Could Eddie Jones reignite the club v country row?

So Eddie Jones is now officially the latest savour of English rugby.

Shortly before his appointment (and when he must have known he was one of, if not THE favourite for the post) he gave an illuminating interview to ESPN about how he thought England needed to change in order to be successful. Top of his list, the central contracting of players. Without that he argued, not for the first time, England do not have enough control over their players.
“How can you manage your players when they are controlled by other organizations? Jones asked. “In my opinion, that is the single greatest task ahead of whoever is going to be appointed as the next England coach.”

Jones neatly evaded the issue at his Twickenham unveiling, but it is one that will not go away. New Zealand are the best example of how central contracting can be beneficial. If Steve Hansen wants Beauden Barrett to play at full-back because he thinks he would like to use him there, the Hurricanes will play him at full-back. The indecision over Sam Burgess’s position summed up the problem that exists here in England. Bath saw him as a flanker, England wanted him to play centre; the result-both sides and the player suffered.

Ultimately it is a question of priority. England is somewhat unique in that it has a genuinely thriving, partisan club game. France is the only other country that has a club game with a similar level of support and influence and it is surely not a coincidence that these are the two nations that wildly underachieved at the World Cup.

Many would argue that central contracts is a price worth paying, and the international game should take precedent. But there are plenty of club supporters who pay good money to watch their club play and would argue the opposite.

So herein lies the unanswerable question: how does England balance the need to encourage a thriving club game, with an international side that needs greater control over its players if it is to keep up with the likes of New Zealand, Australia and even Argentina – all of whom have it?

Within the round-ball community the steady erosion of the F.A.’s control over the game could be dated from their decision to be complicit in the formation of the Premier League in 1992. With it came the removal of an international cap as the pinnacle of a player’s ambitions.
The more astute minds at Twickenham must have watched this sorry saga unfold, and determined it would not be allowed to happen with the egg-shaped ball game.
Eddie Jones may or may not carry on with the same opinion. But there must be a few club owners twitching uncomfortably in their seats.

Mike Miles

http://www.scrumdown.org.uk

mike.miles@scrumdown.org.uk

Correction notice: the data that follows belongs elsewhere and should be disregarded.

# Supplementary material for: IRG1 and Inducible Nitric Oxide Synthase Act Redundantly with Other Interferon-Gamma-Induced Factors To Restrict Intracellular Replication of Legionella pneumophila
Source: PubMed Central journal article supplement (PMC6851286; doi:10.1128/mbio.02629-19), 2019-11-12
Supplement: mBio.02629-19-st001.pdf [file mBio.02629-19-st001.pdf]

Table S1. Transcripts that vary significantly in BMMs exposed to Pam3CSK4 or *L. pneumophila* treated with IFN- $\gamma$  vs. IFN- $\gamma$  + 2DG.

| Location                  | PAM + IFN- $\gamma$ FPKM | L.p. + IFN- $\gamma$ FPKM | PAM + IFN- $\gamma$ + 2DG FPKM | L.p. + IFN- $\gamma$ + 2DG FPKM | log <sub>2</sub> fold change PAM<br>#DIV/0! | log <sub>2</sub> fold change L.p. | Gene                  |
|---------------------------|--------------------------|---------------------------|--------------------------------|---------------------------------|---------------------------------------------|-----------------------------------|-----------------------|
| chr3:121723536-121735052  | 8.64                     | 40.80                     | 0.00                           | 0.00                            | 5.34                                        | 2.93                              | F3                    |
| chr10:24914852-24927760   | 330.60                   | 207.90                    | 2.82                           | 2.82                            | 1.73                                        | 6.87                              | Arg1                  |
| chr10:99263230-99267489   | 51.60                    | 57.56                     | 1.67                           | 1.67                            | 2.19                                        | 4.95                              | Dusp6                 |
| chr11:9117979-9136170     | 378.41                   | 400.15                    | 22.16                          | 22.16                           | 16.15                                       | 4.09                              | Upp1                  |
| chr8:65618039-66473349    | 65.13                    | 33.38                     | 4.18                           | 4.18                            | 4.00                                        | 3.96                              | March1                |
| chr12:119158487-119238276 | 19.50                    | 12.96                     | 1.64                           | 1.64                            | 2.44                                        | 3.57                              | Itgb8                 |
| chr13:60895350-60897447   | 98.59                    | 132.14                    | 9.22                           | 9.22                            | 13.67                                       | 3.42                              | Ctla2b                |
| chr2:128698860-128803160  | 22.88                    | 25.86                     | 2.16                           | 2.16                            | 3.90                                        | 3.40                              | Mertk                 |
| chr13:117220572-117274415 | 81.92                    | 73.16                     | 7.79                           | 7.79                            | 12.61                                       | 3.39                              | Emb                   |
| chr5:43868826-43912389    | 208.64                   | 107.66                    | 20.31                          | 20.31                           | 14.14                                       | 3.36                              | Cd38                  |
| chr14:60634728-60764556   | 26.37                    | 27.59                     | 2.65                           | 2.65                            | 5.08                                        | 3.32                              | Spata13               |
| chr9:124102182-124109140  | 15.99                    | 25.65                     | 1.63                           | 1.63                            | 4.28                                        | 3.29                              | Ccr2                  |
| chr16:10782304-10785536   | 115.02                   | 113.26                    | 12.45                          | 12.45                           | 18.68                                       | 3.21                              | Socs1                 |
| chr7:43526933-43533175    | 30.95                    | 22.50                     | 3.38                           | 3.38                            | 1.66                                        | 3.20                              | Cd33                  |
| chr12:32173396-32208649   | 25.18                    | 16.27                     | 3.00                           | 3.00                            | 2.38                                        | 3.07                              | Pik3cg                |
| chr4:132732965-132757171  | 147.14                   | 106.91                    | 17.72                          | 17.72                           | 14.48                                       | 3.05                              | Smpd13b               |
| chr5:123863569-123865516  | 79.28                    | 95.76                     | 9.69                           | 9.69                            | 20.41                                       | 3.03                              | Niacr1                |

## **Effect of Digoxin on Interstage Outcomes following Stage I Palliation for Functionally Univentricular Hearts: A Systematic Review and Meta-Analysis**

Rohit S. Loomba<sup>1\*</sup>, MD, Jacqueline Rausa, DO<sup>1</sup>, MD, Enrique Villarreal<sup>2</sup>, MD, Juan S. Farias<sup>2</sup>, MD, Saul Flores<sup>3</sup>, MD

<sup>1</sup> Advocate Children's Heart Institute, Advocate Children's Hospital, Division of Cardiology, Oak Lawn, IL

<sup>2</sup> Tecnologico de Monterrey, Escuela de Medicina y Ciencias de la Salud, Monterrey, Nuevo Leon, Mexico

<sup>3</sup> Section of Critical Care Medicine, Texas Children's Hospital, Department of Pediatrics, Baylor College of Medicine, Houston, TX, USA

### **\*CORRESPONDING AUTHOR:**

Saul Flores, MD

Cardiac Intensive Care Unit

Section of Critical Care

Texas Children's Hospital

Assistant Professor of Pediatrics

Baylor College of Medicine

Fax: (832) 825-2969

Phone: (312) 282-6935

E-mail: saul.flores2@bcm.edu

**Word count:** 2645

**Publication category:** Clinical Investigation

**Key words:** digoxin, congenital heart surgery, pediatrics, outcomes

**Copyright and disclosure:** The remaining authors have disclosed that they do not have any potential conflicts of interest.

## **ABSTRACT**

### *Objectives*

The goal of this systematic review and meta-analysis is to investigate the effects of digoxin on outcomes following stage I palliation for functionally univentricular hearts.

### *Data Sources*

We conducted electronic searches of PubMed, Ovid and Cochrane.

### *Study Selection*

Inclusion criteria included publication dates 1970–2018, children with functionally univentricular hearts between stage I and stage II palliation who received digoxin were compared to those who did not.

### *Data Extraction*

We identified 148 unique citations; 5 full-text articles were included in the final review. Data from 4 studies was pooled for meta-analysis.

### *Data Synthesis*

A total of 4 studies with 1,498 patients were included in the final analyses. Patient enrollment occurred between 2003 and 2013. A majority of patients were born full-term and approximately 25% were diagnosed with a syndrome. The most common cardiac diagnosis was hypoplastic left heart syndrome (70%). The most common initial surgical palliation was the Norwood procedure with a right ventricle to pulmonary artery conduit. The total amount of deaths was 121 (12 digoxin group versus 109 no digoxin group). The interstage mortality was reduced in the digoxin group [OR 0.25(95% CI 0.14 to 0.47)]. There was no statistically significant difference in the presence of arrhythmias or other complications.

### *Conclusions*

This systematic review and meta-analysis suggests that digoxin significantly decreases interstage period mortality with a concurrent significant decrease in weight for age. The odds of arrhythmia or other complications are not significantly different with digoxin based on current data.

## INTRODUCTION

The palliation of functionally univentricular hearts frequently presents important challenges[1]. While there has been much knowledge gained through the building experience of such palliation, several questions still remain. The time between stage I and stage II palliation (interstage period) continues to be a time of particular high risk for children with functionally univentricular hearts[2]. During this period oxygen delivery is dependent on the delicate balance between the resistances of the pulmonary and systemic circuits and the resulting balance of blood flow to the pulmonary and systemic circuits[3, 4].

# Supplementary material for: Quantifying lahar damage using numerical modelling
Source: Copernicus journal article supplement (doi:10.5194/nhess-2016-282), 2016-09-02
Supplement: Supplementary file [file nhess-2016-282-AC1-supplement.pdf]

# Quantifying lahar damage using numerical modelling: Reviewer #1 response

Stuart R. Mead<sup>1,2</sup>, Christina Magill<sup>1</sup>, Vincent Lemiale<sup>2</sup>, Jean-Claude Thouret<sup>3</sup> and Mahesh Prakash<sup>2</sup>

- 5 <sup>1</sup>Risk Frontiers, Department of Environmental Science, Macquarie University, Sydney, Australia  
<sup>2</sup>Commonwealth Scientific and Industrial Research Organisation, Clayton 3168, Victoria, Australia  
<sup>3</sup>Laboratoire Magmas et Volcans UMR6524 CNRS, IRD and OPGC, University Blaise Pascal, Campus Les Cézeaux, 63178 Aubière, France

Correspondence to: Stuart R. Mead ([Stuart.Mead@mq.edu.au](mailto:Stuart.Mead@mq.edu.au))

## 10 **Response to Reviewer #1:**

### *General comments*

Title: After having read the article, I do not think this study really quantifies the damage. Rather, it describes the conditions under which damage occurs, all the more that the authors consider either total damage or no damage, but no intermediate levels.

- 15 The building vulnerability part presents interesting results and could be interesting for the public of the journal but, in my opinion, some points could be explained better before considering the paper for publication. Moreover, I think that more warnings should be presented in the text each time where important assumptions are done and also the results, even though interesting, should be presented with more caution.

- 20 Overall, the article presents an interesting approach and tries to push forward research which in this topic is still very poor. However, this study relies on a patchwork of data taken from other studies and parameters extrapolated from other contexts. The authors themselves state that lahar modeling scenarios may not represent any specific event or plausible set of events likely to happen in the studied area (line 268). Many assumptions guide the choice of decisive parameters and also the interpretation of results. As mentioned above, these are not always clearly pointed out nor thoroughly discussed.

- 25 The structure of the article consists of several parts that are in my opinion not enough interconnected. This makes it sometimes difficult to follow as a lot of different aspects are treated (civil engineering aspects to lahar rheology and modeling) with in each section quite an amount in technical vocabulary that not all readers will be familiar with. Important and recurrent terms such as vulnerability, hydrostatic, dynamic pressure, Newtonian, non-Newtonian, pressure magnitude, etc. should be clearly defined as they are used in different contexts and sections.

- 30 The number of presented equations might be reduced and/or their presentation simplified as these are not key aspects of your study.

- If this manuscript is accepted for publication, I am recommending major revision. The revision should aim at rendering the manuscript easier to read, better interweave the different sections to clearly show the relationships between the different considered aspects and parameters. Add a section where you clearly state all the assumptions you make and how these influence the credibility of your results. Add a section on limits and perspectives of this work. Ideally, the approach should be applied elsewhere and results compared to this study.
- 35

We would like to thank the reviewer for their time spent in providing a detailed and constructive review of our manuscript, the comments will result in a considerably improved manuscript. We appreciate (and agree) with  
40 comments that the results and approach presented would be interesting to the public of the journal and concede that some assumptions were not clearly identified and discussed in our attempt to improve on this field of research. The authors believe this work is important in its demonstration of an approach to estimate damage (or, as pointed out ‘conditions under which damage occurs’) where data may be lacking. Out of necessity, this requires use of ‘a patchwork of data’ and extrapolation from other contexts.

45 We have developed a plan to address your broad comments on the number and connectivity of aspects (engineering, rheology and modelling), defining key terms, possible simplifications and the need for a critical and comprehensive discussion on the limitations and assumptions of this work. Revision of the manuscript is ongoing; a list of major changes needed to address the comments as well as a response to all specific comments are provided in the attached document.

If Football is so bad,why is Rugby aping it?

Much was made of referee Nigel Owens’ put-down of Scotland’s Stuart Hogg, who had attempted to win a penalty by diving during his side’s Pool B defeat to South Africa at Newcastle United’s St. James’ Park. Owens reportedly said “If you want to dive like that again, come back here in two weeks and play.” My, how we laughed….
And on the eve of the rugby World Cup John Jeffrey, the chairman of the World Rugby match officials selection committee, reportedly told referees to crack down on what he called “football culture, of simulation, players appealing to the referee,” and horror of horrors, “diving.”

The phrase bandied about by the egg-shaped ball fraternity is usually “we mustn’t become like football.” But if people are throwing themselves over and disrespecting referees in rugby union the blame can hardly be laid at football’s door. To think a player at Saracens or Wasps watches Manchester United’s Ashley Young impersonate a sniper victim and then copies the crime in the Premiership is just plain daft.
To quote Christian Day, chairman of the Rugby Players’ Association “The game is becoming more and more professional, and more and more competitive and professional people will always look for the edge.” Rugby is not copying football. It is reading from the script that says: the bigger the rewards, the lower people will stoop to grab them.

After their humiliation at the World Cup (something rugby and football have in common lest we forget) the RFU have finally got round to sacking their coach, and are apparently prepared to spend whatever it takes on the best man. This is what humiliating defeat does to governing bodies blowing in the gale –force of media and public opinion. And here rugby is aping their football counterparts at the F.A.
They have had a zig-zag approach to coach recruitment for years, careering this way and that, not just changing managers but disowning any philosophy in the bruising aftermath of tournament failure.When home-grown did not work millions were thrown at Fabio Capello.
English football has tried to buy itself out of a pickle and now it appears the RFU will send out their head hunters abroad for the first time, armed with a big cheque book. For the RFU, as it has been with the F.A. for years, it is an admission of defeat. Though as rugby looks at a foreign coach perhaps there is a bigger question, again for both sports. Why do other countries so rarely want our coaches, at club or international level? Anyone for the Stuart Lancaster/David Moyes dream team?
Mike Miles

http://www.scrumdown.org.uk

mike.miles@scrumdown.org.uk